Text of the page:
You haven’t seen a tree until you’ve seen its shadow from the sky.
— Amelia Earhart
Some are born to the sea, while others are born to the mountains. The age-old question of whether one would find ultimate peace in the salt-air gusts of the coast or in the range of tall pine trees far from civilization is a question that most are quick to answer.
For me, it’s the sea. At a young age, I found myself sailing a nineteen foot Flying Scot on Skaneateles Lake in upstate New York. I felt an immeasurable draw to rise before the sun, pack the cooler, and get to the lake quickly and early, so we could sit in the sharp sun for the length of the day. As a child, I would duck into the hull of the boat near the bow, draping myself over old ropes, feeling the slow sway of the water below me. This was where I was most at home.
For a smaller sample of people, the sky is home. Be it a day of aerobatics in a vintage Pitts Special or simply cruising at six thousand feet with nothing in front or behind them, the sky is – like the sea, for me – an oasis. Such was the case for Jeff Clyman, founder of Cockpit USA. In the 1970’s, Mr. Clyman spent his days flying an old single-prop warbird and performed in air shows around the U.S. His draw to the open air was one of heritage, passed down to him from his father, a soldier in the Army Air Corps. Clyman wore his father’s old leather aviation jacket to his shows and quickly found himself swarmed by crowds that were enamored with the cool air of the cowhide time capsule. Looking out on the horizon, Clyman realized he had an opportunity to blend his love with his work. Just two years later, in 1977, Cockpit USA was ready to take flight.
As many of these stories go, Mr. Clyman started small. In those two short years, he transitioned from trading and selling original period jackets with other collectors to developing his own line of aeronautical replicas right in the heart of New York City. Over the following few years, the team at Cockpit grew along with the collection. With additions like antique sheepskin jackets, varsity jackets, and flight gear, Cockpit USA morphed into all things badass from head to toe. Clyman and team spent endless hours of research and practice to reformulate textile processes that had been lost after WWII. The outcome of such effort was perfectly patinated pieces, bringing the collection back full circle to its visual influence – Clyman’s own hand-me-down jacket.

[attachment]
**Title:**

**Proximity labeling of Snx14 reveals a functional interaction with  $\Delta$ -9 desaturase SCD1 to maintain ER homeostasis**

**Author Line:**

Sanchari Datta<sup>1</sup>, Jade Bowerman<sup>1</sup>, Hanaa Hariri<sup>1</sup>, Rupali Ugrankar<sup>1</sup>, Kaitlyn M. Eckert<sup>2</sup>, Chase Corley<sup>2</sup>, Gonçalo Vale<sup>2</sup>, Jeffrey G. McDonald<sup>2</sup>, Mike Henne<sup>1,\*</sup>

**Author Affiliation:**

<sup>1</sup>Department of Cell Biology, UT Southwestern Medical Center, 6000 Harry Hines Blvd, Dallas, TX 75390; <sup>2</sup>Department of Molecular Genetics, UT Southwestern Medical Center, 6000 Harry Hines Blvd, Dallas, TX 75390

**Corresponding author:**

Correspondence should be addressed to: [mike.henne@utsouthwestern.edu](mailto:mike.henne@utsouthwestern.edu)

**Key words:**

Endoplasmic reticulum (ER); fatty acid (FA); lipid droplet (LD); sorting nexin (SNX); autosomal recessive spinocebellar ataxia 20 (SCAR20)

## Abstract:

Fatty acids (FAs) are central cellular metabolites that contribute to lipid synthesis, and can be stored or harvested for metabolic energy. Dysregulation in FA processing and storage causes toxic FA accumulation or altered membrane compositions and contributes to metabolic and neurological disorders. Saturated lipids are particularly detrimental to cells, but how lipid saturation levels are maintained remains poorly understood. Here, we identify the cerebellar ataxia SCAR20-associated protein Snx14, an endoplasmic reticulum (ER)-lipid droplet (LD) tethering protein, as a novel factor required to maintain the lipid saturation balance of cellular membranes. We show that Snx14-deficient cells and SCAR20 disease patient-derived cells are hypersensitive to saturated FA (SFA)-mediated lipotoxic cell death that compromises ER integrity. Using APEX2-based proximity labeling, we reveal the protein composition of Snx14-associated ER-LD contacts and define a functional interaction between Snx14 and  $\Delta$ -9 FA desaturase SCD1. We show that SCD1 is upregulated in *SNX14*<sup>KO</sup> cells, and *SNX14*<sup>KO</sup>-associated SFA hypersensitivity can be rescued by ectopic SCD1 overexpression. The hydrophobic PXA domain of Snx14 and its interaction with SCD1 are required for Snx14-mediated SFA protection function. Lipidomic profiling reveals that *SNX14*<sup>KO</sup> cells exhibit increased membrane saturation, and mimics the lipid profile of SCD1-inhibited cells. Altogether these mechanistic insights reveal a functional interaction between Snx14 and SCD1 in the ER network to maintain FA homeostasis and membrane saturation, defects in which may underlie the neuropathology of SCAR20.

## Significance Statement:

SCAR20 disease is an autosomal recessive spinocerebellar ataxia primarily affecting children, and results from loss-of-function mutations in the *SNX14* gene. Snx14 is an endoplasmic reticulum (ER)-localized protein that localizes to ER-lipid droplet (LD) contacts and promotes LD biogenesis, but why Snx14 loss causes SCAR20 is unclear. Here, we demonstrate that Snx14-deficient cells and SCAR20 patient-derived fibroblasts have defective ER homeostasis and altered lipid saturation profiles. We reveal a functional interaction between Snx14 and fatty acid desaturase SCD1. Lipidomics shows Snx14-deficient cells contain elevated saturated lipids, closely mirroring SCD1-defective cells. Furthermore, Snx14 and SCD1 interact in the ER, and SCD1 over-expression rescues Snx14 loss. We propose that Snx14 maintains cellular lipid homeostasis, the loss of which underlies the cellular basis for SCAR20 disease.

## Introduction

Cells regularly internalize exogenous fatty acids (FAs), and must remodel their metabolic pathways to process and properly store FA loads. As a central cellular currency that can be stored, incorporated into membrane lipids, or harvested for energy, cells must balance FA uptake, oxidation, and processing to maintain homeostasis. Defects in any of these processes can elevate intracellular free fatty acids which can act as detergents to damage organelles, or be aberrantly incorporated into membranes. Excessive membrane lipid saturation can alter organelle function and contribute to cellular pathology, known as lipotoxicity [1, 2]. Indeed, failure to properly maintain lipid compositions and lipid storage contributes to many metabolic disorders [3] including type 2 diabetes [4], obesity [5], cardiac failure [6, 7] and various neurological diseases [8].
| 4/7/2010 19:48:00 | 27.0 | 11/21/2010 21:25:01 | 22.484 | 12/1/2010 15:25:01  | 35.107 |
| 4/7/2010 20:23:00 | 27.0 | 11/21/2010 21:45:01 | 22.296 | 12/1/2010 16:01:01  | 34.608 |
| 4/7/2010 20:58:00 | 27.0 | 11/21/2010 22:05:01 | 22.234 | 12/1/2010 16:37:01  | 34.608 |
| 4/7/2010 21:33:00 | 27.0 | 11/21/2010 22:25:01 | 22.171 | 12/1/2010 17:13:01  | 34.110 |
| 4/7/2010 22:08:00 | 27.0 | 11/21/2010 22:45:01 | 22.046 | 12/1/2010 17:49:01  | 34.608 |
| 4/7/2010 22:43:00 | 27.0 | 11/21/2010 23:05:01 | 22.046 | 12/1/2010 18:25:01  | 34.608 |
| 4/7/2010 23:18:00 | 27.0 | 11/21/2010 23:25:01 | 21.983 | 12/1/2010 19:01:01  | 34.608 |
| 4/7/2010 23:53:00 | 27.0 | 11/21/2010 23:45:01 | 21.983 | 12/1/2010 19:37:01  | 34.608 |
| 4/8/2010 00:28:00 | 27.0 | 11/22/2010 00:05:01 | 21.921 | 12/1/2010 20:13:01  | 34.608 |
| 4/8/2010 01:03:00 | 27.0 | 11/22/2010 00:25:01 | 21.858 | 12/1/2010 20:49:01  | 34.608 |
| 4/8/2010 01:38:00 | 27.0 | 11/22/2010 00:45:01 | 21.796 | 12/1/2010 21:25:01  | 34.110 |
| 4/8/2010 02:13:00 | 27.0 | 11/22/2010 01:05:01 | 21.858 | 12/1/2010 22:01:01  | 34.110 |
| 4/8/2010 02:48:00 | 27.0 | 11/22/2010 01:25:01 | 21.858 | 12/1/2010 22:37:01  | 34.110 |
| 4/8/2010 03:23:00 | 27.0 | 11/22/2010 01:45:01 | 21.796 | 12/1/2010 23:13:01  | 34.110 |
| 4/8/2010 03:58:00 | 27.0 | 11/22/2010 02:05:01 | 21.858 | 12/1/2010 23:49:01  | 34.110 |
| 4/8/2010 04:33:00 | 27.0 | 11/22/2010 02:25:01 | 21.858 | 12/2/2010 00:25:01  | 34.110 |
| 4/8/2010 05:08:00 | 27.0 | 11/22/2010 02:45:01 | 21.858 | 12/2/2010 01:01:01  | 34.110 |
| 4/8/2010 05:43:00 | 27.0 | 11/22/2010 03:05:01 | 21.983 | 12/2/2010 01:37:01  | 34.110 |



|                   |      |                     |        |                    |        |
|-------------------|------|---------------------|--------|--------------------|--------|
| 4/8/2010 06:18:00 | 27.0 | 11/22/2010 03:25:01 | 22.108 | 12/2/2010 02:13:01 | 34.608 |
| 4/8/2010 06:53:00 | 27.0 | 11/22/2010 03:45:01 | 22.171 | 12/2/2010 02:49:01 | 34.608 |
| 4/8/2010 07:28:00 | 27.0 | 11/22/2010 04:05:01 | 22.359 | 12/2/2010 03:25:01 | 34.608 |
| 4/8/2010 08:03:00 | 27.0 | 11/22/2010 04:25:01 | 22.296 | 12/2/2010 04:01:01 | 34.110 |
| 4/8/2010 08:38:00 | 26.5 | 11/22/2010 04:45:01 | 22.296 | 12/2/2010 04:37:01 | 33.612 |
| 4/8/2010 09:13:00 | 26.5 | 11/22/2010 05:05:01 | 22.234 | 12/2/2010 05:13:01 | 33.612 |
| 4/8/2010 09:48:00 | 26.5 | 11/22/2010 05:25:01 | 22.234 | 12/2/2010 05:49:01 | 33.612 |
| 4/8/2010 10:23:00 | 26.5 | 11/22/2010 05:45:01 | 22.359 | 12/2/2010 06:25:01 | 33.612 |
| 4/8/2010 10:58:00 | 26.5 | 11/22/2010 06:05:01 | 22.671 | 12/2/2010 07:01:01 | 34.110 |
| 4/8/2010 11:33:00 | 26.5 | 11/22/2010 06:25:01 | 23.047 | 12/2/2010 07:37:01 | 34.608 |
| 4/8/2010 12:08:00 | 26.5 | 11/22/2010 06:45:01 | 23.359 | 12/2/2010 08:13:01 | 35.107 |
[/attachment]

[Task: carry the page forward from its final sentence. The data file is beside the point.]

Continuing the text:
Today, Cockpit USA not only touts a collection of the finest crafted leather jackets made in America but also contracts with government agencies like the U.S. Air Force, U.S. Navy, U.S. Army, and even NASA. Contracts aside, Mr. Clyman and team have built a company that is just as special as it is important. Each piece is still made by hand in New York – carefully crafted, and altogether cool. With the additions of vintage replica patches and pin-up girl interiors, each style carries with it a unique swagger (think Top Gun). The weight of every jacket is significant, but the leather outer forms to you as quickly as that little league glove that you still have in your attic. A jacket like this becomes a go-to staple of every wardrobe. Pair it with a white tee and blue jeans. Or pair it with some tight black pants and combat boots. However you wear it, you’ll wear it well. And whatever you do, keep the tradition – make your Cockpit USA jacket a part of your story. Then, just like the Clymans, pass it down.
We spent a day with Matt Warden, private pilot and aerobatics competitor. Much like Mr. Clyman, Mr. Warden spends his days flying private jets around the country, and his weekends competing in his 1996 Pitts Special. Most recently, Mr. Warden placed second in the Intermediate Power class at the Beaver State Aerobatic Contest in Pendleton, OR.